The judging process was extremely difficult given the very high quality of the entries and the need for input from patients and staff, as well as judges from both architecture and medicine. David Mackay of MBM Architects Barcelona provided critical input on how to best balance innovation and sensitivity against deliverability within budget and eventually a clear winner emerged.
The winners were Glasgow-based Macmon Architects who showed a vision for the building that excited the entire panel and showed a masterful handling of interior and exterior space. To find more out about the building follow the links to the next section.
“The central role of the users in the creation of the building corresponded exactly to Glasgow’s aspirations for its year as ‘European City of Architecture’ in 1999.” - Mike Hayes, Director of Planning for the City of Glasgow
Building - The Healing Space
At the hospital, patients are treated with the utmost respect and dignity. The building has been designed to meet both the physical and psychological needs of the patients, rather than forcing them to adapt to the operational needs of the hospital or any arbitrary architectural principles.
The exterior of the building is welcoming – not threatening – and is much larger than it first appears. The reception area is open, with a friendly interior, and bears a greater resemblance to a Scandinavian health spa than a fully functioning modern hospital capable of treating 10,000 outpatients and 500 inpatients every year.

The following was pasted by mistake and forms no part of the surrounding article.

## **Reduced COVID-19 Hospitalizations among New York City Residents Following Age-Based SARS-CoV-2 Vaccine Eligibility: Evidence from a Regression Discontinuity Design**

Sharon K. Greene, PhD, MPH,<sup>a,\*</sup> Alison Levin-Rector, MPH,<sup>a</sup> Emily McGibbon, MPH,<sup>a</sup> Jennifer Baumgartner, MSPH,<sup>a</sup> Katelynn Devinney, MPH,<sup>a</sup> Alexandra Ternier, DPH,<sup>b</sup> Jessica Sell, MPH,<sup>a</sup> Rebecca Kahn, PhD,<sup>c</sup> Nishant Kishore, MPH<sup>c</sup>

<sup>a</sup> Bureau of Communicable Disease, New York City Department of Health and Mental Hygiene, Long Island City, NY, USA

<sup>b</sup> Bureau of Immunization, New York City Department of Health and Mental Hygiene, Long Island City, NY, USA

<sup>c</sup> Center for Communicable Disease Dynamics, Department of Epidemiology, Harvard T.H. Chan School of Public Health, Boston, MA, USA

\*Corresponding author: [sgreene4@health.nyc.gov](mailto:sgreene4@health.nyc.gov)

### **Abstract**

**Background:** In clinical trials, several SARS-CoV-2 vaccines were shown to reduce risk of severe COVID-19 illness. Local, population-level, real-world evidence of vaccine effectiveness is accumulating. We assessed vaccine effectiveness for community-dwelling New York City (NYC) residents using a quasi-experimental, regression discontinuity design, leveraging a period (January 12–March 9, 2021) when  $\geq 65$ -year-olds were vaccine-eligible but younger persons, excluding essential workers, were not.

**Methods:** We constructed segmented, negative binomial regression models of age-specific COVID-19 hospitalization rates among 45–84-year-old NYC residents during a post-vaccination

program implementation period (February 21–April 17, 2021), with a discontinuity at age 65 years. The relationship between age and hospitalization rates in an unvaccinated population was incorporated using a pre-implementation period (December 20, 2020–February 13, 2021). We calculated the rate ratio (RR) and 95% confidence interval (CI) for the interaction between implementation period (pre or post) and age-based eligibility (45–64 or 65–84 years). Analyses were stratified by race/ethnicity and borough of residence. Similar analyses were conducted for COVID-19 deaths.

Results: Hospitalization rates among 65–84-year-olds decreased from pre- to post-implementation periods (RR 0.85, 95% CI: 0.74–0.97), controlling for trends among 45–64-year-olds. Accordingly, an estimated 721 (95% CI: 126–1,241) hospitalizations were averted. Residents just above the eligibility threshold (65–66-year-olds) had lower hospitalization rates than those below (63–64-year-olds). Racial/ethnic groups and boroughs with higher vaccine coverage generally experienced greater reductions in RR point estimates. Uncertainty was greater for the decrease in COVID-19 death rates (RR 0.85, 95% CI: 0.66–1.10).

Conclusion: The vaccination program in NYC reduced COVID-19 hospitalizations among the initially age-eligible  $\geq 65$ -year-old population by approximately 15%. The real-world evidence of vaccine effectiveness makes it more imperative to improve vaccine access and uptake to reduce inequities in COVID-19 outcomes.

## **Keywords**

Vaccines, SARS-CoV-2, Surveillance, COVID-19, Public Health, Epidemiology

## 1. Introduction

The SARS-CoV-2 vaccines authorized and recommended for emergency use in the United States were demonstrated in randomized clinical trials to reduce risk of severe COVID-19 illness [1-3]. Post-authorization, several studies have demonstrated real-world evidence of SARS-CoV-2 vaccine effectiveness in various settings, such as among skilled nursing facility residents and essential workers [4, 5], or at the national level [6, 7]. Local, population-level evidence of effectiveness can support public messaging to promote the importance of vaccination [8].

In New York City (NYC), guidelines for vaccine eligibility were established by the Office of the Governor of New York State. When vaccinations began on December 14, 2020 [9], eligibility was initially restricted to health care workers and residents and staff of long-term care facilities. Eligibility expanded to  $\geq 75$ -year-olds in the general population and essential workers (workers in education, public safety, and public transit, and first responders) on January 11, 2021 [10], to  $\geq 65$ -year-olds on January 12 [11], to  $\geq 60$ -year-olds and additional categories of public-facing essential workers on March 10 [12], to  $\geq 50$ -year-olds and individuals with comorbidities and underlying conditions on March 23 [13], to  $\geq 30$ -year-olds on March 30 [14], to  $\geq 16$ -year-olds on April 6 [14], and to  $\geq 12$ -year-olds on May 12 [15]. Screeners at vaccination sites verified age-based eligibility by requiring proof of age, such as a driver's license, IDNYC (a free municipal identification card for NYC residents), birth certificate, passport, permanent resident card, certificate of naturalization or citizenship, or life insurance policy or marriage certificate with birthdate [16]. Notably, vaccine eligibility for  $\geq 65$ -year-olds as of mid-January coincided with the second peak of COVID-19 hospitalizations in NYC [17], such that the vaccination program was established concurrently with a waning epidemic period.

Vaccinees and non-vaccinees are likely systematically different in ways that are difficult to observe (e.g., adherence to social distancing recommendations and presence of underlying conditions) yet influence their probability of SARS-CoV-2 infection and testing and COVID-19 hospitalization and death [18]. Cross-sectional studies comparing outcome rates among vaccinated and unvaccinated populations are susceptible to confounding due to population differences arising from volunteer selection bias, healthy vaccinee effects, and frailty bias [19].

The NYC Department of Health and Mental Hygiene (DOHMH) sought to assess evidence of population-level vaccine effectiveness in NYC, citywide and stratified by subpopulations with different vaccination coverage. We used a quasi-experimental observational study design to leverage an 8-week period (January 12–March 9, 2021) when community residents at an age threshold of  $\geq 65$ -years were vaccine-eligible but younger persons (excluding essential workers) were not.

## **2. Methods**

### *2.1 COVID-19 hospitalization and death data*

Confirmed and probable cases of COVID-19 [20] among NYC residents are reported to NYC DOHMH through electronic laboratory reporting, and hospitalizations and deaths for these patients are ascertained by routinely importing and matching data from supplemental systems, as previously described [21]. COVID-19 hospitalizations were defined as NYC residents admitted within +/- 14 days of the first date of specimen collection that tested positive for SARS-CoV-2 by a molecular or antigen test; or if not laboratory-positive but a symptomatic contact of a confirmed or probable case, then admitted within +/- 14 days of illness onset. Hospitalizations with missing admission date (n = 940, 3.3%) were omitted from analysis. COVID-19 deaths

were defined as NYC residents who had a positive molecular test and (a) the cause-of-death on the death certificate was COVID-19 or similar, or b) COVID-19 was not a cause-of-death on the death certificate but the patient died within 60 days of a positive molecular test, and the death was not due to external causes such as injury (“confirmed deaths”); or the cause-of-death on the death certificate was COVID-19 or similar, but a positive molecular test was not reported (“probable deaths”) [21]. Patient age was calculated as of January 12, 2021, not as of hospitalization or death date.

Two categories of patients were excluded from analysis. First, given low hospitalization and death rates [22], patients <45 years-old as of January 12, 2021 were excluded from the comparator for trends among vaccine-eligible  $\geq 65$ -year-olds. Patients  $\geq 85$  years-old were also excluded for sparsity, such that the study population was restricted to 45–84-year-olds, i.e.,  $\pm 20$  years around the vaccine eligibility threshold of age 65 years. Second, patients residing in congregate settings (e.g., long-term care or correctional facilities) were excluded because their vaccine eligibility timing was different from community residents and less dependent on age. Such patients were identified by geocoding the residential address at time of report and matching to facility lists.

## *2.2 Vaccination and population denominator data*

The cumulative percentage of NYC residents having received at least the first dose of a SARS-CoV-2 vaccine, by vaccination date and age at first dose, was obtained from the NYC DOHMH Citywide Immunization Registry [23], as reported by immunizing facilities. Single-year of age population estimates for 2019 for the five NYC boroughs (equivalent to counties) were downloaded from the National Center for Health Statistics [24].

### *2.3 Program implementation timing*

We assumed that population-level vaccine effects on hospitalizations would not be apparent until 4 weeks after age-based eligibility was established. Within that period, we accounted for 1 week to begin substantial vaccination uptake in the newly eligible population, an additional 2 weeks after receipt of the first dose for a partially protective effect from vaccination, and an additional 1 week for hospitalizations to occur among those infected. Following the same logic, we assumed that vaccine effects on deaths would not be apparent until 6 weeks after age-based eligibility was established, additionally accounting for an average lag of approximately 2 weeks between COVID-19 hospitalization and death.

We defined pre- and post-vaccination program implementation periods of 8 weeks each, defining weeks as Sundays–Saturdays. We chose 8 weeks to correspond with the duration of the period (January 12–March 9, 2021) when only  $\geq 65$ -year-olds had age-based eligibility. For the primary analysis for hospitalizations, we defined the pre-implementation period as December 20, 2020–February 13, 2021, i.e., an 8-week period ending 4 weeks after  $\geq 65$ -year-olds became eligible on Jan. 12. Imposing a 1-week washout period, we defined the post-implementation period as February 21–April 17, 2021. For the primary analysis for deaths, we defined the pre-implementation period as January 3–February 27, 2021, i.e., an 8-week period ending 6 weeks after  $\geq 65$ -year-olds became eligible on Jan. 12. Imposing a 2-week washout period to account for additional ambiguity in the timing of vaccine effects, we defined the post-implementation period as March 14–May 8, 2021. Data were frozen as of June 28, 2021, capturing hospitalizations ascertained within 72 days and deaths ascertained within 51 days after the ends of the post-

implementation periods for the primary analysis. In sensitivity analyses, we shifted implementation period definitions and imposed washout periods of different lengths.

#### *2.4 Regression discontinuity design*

The layout of the building offers a functional elegance to match first expectations. After discussion with staff and patients, the design was modified slightly so that ‘care’ spaces have a direct view and connection to nature and are protected from direct sound paths, while staff areas are located to the north and east of the building to avoid direct sunlight during working hours.
Roof/clerestory arrangements provide natural lighting for deep plan corridors, waiting areas and enhances, as well as enhancing natural airflow and ventilation throughout the building.
Since staff face the sometimes demanding task of dealing with some very sick patients, some of whom have been previously viewed as untreatable, the Design Team has placed an equal emphasis on ensuring that staff health and wellbeing is given a similar level of priority. Not only are the consulting rooms and therapeutic areas positioned and fitted in an attractive and functional manner, but the staff rest areas and dining room have also been constructed and decorated in the same fastidious manner.